Although pretty much universal in dogs, collars often elicit annoyed initial reactions in cats. That doesn't mean, however, that they can't help keep your pet happily at home down the line. Collars can be useful even in cats who don't normally ever go outdoors, as handy "just in case" precautions. Start early in getting your sweet kitty acquainted with collar wear.
Younger cats might adjust more easily to the idea of sporting collars. Get your cat familiar with wearing a collar as a wee kitten. Aim for an age range of around 5 months, as suggested by the Feline Advisory Bureau. Kittens are not as set in their ways as adult cats, and often adapt to new things more seamlessly. Just don't be surprised if your pet starts by frantically trying to tug his way out of the collar -- it's a brand new concept to him. Since kittens of 5 months have smaller necks than adult cats, look for a collar that is specifically labeled as being for kitten use. Also note that some collars are equipped with kitten-friendly safety features, such as "quick release." With a simple pulling motion, safety release buckles come apart, allowing kittens to safely get out of dangerous situations -- think tangling.
It's important to wait until kittens are around 5 months old to ensure that their necks are sturdy enough to serve as foundations for the collars. By the time kittens are this age, their necks should be able to accommodate collars safely.
Monitoring Early Collar Wear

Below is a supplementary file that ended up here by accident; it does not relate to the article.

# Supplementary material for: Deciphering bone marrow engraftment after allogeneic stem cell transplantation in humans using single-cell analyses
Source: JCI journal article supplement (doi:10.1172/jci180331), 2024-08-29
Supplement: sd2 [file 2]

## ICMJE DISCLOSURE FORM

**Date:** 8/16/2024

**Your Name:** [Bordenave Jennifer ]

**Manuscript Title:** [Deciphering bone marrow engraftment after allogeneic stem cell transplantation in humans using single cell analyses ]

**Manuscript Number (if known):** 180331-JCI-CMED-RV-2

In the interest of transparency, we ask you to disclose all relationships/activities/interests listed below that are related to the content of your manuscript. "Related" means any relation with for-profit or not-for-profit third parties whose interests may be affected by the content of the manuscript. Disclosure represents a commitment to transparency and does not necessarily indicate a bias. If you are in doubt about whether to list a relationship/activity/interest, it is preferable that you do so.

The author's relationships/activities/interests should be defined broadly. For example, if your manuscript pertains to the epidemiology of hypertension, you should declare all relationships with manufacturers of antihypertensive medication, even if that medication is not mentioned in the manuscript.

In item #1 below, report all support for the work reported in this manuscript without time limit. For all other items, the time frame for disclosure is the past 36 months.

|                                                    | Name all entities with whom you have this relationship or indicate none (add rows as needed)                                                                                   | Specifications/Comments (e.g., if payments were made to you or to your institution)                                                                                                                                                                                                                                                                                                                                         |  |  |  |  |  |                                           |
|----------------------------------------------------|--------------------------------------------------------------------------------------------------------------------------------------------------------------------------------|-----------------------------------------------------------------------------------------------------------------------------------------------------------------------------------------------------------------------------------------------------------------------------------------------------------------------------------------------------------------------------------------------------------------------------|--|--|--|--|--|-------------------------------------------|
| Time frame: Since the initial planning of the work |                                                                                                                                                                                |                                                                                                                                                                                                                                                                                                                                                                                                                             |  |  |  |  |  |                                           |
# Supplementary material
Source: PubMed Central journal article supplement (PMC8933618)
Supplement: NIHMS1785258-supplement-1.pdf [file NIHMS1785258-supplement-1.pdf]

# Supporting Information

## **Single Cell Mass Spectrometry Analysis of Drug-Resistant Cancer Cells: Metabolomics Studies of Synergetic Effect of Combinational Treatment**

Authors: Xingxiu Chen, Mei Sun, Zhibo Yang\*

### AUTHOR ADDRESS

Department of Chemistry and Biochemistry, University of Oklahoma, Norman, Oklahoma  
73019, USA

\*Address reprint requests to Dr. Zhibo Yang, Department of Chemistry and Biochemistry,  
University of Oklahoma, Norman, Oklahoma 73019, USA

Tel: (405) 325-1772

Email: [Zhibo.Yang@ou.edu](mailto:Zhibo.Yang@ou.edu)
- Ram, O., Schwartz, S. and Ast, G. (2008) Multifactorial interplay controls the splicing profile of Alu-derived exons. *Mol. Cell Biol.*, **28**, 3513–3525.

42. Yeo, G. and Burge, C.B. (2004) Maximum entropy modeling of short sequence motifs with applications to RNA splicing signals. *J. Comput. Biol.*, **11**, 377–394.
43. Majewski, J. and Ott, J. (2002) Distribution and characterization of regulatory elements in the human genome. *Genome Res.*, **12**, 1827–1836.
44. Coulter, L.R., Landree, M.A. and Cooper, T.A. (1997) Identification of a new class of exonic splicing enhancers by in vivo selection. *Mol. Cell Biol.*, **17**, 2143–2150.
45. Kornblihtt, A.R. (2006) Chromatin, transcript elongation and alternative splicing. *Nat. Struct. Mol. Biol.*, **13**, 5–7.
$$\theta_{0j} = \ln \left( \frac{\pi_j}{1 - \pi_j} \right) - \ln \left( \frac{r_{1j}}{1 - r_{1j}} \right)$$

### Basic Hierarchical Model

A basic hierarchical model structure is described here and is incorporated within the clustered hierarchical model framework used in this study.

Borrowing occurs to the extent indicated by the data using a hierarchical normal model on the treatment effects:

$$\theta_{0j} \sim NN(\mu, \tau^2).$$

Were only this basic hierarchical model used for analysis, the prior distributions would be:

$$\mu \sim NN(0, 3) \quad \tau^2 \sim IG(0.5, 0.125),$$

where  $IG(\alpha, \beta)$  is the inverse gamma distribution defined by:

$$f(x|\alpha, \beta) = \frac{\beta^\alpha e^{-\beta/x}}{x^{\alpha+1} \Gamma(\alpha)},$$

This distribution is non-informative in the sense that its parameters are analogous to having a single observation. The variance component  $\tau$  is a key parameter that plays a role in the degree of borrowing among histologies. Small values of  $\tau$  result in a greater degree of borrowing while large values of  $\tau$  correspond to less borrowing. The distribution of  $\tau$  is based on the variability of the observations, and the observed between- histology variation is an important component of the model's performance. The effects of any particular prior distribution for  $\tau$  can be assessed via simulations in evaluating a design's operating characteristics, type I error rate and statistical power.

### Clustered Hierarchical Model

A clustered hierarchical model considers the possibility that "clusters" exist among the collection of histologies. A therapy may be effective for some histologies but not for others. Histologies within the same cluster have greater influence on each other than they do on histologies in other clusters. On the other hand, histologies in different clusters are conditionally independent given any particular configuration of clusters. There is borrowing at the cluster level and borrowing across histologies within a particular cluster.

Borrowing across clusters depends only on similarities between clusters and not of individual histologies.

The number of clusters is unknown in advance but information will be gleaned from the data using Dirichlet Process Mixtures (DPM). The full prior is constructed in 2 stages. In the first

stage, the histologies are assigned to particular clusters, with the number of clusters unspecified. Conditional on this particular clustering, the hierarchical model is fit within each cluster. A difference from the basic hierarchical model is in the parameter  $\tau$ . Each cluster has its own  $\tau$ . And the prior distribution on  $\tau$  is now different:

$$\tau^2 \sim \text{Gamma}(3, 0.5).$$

Always carefully and closely monitor your kitten's early collar wear. When you can't keep an eye on him, take it off. Do this repeatedly until you feel that your pet is comfortable enough to wear the collar full time. Be safe and do not rush things. Just because your kitten is old enough to fit in a collar does not mean that he is old enough to wear it all of the time. Also, if your kitten seems to have trouble adjusting to a certain collar even after some time, it just might be time to explore another fit or style.
Appropriate fitting of the collar is vital in cats, especially when they're tiny kittens who are in the process of growing and developing. Collars that are excessively taut are hazardous, as are collars that are too slack. Always make sure that your pet's collar is just secure enough. Test the fitting of the collar routinely. For kittens, if you can fit one or two digits below the collar, nothing more and nothing less, then you -- and your cutie -- should be safe and good to go. For fully mature cats, you should be able to get in two digits.
ID Tags on Collars
As soon as your cat starts wearing a collar, equip it with identification tags -- the true safety measure behind it all. If your cat for any reason makes his way outside of your home, or gets lost in the neighborhood, ID tags can help people who encounter him get him back into your cozy home as soon as possible. You can easily purchase ID tags at veterinary hospitals and pet supplies retailers everywhere, so don't waste any time in providing your cat -- and yourself -- with a little extra peace of mind. Clearly and legibly write or print out your cat's information, including your phone number, address and name. To be on the safe side, provide a backup contact number, as well -- say that of a nearby reliable neighbor. Even if your pet has been microchipped, physical identification tags that others can instantly see cannot hurt.